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- Bolt Week: Bolt faces an invasion
- Earthquake in Italy
- Moth allergies
- BBC Two, tonight, 8pm: Can Britain Have A Pay Rise?
- Jorge Luis Borges: A short reading list
Today would have been Jorge Luis Borges' 117th birthday, had he been blessed with extraordinary longevity. We've marked his birthday by creating a short reading list covering his work - and his film reviews.
BBC Two is midway through a series exploring the lot of the lowest paid workers in Britian - workers such as those who plod through our discarded recycling.
Alongside the series, Britain's Hardest Workers: Inside the Low Wage Economy, tonight the OU & BBC is hosting a debate on the state of pay across the UK:
One hundred workers representing all levels of pay face each other in a studio to try and work out whether Britain can have a pay rise.
Presented by James O'Brien and Steph McGovern, this programme examines the roots of Britain's low-pay economy and pits Brits against Germans in a productivity challenge as well as visiting the Swedes who work for just six hours a day.
Some people can be fatally allergic to the tiger moth - but the allergy can be hard for doctors to spot. Now, though, there's a new test which could help medics identify the illness more quickly:
Pallara Janardhanan Wills, senior scientist and lead author of the study, said delay in proper clinical treatment of lepidopterism often complicated related conditions like platelet drop, respiratory disorders, meconium aspiration syndrome and hepatic and renal failure.
“Without specific diagnosis, the actual, underlying disease can go undetected, often resulting in acute, and even fatal, respiratory problems. In Kerala, these cases occur from June to August during monsoon season when moths flock to artificial lights,”
Overnight, there's been a massive earthquake in central Italy. The OU's Dave Rothery shares what we know so far.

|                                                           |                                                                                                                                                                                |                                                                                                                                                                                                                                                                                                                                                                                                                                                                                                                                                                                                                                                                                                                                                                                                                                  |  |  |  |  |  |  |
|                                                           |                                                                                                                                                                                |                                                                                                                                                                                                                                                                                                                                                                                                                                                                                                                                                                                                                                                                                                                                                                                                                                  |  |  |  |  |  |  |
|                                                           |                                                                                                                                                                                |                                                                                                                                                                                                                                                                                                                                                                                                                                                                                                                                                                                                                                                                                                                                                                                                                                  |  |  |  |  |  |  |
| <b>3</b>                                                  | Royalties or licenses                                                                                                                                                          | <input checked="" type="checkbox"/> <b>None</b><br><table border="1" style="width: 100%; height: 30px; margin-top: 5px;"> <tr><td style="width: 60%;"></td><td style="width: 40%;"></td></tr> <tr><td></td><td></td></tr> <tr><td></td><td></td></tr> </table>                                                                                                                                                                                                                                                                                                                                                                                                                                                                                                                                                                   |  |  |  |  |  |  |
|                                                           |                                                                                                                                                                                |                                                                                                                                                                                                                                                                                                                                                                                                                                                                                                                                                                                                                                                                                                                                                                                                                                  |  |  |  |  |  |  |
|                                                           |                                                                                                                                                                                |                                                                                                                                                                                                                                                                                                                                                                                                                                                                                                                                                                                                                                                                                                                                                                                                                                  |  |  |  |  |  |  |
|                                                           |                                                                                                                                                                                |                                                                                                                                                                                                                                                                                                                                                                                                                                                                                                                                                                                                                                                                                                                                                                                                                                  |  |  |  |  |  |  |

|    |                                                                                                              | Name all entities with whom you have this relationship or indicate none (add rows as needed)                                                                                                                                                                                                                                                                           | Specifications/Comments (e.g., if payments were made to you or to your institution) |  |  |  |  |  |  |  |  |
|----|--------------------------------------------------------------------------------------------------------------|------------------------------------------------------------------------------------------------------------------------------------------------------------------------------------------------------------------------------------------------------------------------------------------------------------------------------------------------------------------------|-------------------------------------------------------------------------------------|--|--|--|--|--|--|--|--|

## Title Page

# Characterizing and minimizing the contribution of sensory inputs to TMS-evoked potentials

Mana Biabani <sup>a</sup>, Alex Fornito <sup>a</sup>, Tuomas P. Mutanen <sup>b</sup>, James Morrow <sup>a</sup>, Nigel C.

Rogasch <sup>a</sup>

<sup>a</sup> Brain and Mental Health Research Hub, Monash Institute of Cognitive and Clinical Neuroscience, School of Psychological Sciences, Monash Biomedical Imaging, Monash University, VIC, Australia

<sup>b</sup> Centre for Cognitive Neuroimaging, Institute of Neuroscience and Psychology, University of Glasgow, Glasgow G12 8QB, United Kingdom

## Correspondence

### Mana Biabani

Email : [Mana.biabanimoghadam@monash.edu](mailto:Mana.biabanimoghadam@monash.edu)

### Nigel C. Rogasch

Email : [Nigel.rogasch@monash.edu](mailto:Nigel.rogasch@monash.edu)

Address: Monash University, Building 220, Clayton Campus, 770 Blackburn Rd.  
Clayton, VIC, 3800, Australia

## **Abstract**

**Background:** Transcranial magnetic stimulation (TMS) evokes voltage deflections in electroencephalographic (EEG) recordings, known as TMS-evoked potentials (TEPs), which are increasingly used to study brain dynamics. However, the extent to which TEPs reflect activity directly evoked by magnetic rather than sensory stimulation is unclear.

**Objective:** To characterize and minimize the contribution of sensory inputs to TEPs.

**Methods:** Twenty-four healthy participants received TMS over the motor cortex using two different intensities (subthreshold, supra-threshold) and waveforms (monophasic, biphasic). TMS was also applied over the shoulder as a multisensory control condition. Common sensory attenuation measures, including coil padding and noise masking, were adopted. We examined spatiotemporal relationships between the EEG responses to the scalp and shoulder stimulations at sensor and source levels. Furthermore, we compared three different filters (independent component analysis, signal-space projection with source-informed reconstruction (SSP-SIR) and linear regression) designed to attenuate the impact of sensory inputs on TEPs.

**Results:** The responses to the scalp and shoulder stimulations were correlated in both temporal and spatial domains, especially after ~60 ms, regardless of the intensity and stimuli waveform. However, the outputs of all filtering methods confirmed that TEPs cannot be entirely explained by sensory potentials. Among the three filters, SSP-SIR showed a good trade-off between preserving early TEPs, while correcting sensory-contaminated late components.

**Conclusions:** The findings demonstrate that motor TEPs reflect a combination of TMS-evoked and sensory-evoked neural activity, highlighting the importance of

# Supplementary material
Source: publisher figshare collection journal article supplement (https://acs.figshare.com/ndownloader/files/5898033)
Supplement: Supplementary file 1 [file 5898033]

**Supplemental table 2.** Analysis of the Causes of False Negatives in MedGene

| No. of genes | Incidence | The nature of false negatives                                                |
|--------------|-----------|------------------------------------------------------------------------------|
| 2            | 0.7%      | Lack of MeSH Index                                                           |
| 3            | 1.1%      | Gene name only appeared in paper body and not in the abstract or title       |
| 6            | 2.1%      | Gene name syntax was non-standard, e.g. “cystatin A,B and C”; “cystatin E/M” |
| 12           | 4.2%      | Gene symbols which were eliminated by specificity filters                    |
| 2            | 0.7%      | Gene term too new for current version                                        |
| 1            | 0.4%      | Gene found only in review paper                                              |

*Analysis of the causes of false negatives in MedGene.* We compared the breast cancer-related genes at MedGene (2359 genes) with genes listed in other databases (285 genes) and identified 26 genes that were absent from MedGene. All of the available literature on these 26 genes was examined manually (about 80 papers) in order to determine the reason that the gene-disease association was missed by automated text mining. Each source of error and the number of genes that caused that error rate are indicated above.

This week, we're tangentally celebrating Usain Bolt's achievement by exploring stories from other Bolts. Yesterday, we explored the far right's fascination with lightning bolts. Today, we're heading to Wisconsin, and a place called Bolt. Bolt is under threat of invasion.
Bolt is a small place - really small. In fact, it's officially almost not a place - the US Geological Survey has designated it thus:
Populated (Community) Place (except those associated with facilities). A populated place that is not a census designated or incorporated place having an official federally recognized name.
There's not much there, but what there is is a lake, Heidmann Lake:
Heidmann Lake is a 23 acre lake located in Kewaunee County. It has a maximum depth of 34 feet. Visitors have access to the lake from a public boat landing. Fish include Largemouth Bass and Northern Pike.
And that's lovely. Except since 1993, Heidmann Lake has been under occupation from a foreign invader. Like 435 other lakes in Wisconsin alone, the invasive Eurasian watermilfoil has taken hold.
That can be a threat to the lake, and everything in it:
In nutrient-rich lakes it can form thick underwater stands of tangled stems and vast mats of vegetation at the water's surface. In shallow areas the plant can interfere with water recreation such as boating, fishing, and swimming. The plant's floating canopy can also crowd out important native water plants.
The invader can be controlled, but its almost impossible to eradicate entirely.
Scientists are fighting back, though. Dr. Tim Gerber, Professor of Biology at the University of Wisconsin-La Crosse, trying to fight the invader at nearby Lulu lake, had a great idea.
What if he and Ziegler could find a way to get native aquatic plants to grow in the places where milfoil was removed and give the invader some competition?
With additional funding from the state, they are working on doing just that. The idea is to weave native aquatic plants like pondweed into a fibrous coconut mat that is biodegradable and then sink the mats into the lake where milfoil has been removed. The fiber mats will suppress milfoil growth, as Gerber and Ziegler have shown in greenhouse experiments, and give the pondweed a chance to establish.
“We’ve successfully grown the native plant mats in the Conservancy greenhouse and placed them in Lulu Lake,” said Ziegler. “We know they work on the calcium carbonate-rich bottom of that lake. We plan to expand this work to Pickerel Lake, another Conservancy project area in the Mukwonago River watershed, to see how the technique works on the sandy, gravely bottom of that lake.
“Early detection, removal and our experimental work with Eurasian water milfoil is part of a broader, long-term effort to manage invasive species in Lulu Lake and the entire Mukwonago River system,” said Ziegler.
If it works there, it could work for Heidmann Lake, too. Bolt may yet fend off its international competition as effectively as its running namesake.